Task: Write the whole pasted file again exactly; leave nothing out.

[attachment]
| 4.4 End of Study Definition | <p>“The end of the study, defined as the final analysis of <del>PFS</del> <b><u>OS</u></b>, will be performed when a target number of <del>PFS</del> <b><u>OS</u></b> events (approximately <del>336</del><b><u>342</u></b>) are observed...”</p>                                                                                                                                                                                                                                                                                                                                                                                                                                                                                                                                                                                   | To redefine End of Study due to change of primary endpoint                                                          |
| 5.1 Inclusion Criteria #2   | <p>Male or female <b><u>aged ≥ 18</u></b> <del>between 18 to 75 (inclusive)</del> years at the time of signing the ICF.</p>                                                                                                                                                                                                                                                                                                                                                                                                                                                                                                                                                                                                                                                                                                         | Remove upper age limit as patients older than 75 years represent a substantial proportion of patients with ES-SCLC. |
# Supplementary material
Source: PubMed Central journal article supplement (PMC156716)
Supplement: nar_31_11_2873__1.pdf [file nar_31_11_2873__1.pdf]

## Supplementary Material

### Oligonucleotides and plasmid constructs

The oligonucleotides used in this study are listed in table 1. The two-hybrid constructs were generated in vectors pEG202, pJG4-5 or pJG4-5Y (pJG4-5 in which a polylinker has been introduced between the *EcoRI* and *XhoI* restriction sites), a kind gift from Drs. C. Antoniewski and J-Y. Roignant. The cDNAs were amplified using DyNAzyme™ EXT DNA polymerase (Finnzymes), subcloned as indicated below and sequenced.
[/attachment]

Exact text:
| 4.4 End of Study Definition | <p>“The end of the study, defined as the final analysis of <del>PFS</del> <b><u>OS</u></b>, will be performed when a target number of <del>PFS</del> <b><u>OS</u></b> events (approximately <del>336</del><b><u>342</u></b>) are observed...”</p>                                                                                                                                                                                                                                                                                                                                                                                                                                                                                                                                                                                   | To redefine End of Study due to change of primary endpoint                                                          |
| 5.1 Inclusion Criteria #2   | <p>Male or female <b><u>aged ≥ 18</u></b> <del>between 18 to 75 (inclusive)</del> years at the time of signing the ICF.</p>                                                                                                                                                                                                                                                                                                                                                                                                                                                                                                                                                                                                                                                                                                         | Remove upper age limit as patients older than 75 years represent a substantial proportion of patients with ES-SCLC. |
# Supplementary material
Source: PubMed Central journal article supplement (PMC156716)
Supplement: nar_31_11_2873__1.pdf [file nar_31_11_2873__1.pdf]

## Supplementary Material

### Oligonucleotides and plasmid constructs

The oligonucleotides used in this study are listed in table 1. The two-hybrid constructs were generated in vectors pEG202, pJG4-5 or pJG4-5Y (pJG4-5 in which a polylinker has been introduced between the *EcoRI* and *XhoI* restriction sites), a kind gift from Drs. C. Antoniewski and J-Y. Roignant. The cDNAs were amplified using DyNAzyme™ EXT DNA polymerase (Finnzymes), subcloned as indicated below and sequenced.